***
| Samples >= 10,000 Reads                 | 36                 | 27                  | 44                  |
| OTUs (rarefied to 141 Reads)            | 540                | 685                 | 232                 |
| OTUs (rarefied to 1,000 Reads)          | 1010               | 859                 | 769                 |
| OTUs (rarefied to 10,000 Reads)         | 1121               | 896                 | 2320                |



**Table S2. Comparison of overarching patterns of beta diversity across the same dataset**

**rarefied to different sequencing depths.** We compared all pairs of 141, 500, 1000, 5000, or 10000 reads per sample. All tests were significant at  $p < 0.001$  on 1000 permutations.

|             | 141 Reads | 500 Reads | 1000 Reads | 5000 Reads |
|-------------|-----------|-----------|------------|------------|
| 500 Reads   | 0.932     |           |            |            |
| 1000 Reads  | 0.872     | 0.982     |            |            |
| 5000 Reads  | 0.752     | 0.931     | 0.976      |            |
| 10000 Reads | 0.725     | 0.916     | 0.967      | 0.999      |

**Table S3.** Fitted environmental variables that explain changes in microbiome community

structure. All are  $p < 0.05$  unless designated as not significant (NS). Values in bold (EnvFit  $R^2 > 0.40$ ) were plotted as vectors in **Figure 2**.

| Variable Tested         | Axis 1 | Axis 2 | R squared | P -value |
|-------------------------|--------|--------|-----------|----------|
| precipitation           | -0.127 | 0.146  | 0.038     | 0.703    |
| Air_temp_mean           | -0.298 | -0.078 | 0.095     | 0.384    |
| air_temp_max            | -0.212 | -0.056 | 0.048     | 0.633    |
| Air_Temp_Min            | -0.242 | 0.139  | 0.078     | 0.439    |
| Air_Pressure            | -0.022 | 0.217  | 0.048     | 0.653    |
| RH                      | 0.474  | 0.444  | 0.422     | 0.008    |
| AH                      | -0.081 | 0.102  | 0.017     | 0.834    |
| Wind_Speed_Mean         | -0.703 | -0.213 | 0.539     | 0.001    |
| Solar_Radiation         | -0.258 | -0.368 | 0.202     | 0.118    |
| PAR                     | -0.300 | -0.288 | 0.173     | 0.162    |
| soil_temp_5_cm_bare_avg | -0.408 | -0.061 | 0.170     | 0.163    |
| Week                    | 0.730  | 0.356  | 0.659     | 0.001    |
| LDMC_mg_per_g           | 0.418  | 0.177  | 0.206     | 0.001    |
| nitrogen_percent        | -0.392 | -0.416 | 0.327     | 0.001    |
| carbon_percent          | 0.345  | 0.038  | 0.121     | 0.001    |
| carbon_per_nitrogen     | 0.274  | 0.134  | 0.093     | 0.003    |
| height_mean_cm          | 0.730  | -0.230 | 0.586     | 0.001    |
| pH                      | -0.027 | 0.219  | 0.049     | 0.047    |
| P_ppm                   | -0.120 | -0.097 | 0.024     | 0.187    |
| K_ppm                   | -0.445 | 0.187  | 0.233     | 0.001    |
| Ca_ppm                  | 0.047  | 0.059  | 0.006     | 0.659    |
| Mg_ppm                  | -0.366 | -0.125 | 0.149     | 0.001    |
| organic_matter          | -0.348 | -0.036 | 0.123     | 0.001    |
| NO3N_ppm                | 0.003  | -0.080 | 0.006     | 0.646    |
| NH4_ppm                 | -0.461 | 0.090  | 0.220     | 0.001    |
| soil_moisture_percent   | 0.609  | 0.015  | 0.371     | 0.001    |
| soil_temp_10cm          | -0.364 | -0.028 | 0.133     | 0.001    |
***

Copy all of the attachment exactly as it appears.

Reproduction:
| Samples >= 10,000 Reads                 | 36                 | 27                  | 44                  |
| OTUs (rarefied to 141 Reads)            | 540                | 685                 | 232                 |
| OTUs (rarefied to 1,000 Reads)          | 1010               | 859                 | 769                 |
| OTUs (rarefied to 10,000 Reads)         | 1121               | 896                 | 2320                |



**Table S2. Comparison of overarching patterns of beta diversity across the same dataset**

**rarefied to different sequencing depths.** We compared all pairs of 141, 500, 1000, 5000, or 10000 reads per sample. All tests were significant at  $p < 0.001$  on 1000 permutations.

|             | 141 Reads | 500 Reads | 1000 Reads | 5000 Reads |
|-------------|-----------|-----------|------------|------------|
| 500 Reads   | 0.932     |           |            |            |
| 1000 Reads  | 0.872     | 0.982     |            |            |
| 5000 Reads  | 0.752     | 0.931     | 0.976      |            |
| 10000 Reads | 0.725     | 0.916     | 0.967      | 0.999      |

**Table S3.** Fitted environmental variables that explain changes in microbiome community

structure. All are  $p < 0.05$  unless designated as not significant (NS). Values in bold (EnvFit  $R^2 > 0.40$ ) were plotted as vectors in **Figure 2**.

| Variable Tested         | Axis 1 | Axis 2 | R squared | P -value |
|-------------------------|--------|--------|-----------|----------|
| precipitation           | -0.127 | 0.146  | 0.038     | 0.703    |
| Air_temp_mean           | -0.298 | -0.078 | 0.095     | 0.384    |
| air_temp_max            | -0.212 | -0.056 | 0.048     | 0.633    |
| Air_Temp_Min            | -0.242 | 0.139  | 0.078     | 0.439    |
| Air_Pressure            | -0.022 | 0.217  | 0.048     | 0.653    |
| RH                      | 0.474  | 0.444  | 0.422     | 0.008    |
| AH                      | -0.081 | 0.102  | 0.017     | 0.834    |
| Wind_Speed_Mean         | -0.703 | -0.213 | 0.539     | 0.001    |
| Solar_Radiation         | -0.258 | -0.368 | 0.202     | 0.118    |
| PAR                     | -0.300 | -0.288 | 0.173     | 0.162    |
| soil_temp_5_cm_bare_avg | -0.408 | -0.061 | 0.170     | 0.163    |
| Week                    | 0.730  | 0.356  | 0.659     | 0.001    |
| LDMC_mg_per_g           | 0.418  | 0.177  | 0.206     | 0.001    |
| nitrogen_percent        | -0.392 | -0.416 | 0.327     | 0.001    |
| carbon_percent          | 0.345  | 0.038  | 0.121     | 0.001    |
| carbon_per_nitrogen     | 0.274  | 0.134  | 0.093     | 0.003    |
| height_mean_cm          | 0.730  | -0.230 | 0.586     | 0.001    |
| pH                      | -0.027 | 0.219  | 0.049     | 0.047    |
| P_ppm                   | -0.120 | -0.097 | 0.024     | 0.187    |
| K_ppm                   | -0.445 | 0.187  | 0.233     | 0.001    |
| Ca_ppm                  | 0.047  | 0.059  | 0.006     | 0.659    |
| Mg_ppm                  | -0.366 | -0.125 | 0.149     | 0.001    |
| organic_matter          | -0.348 | -0.036 | 0.123     | 0.001    |
| NO3N_ppm                | 0.003  | -0.080 | 0.006     | 0.646    |
| NH4_ppm                 | -0.461 | 0.090  | 0.220     | 0.001    |
| soil_moisture_percent   | 0.609  | 0.015  | 0.371     | 0.001    |
| soil_temp_10cm          | -0.364 | -0.028 | 0.133     | 0.001    |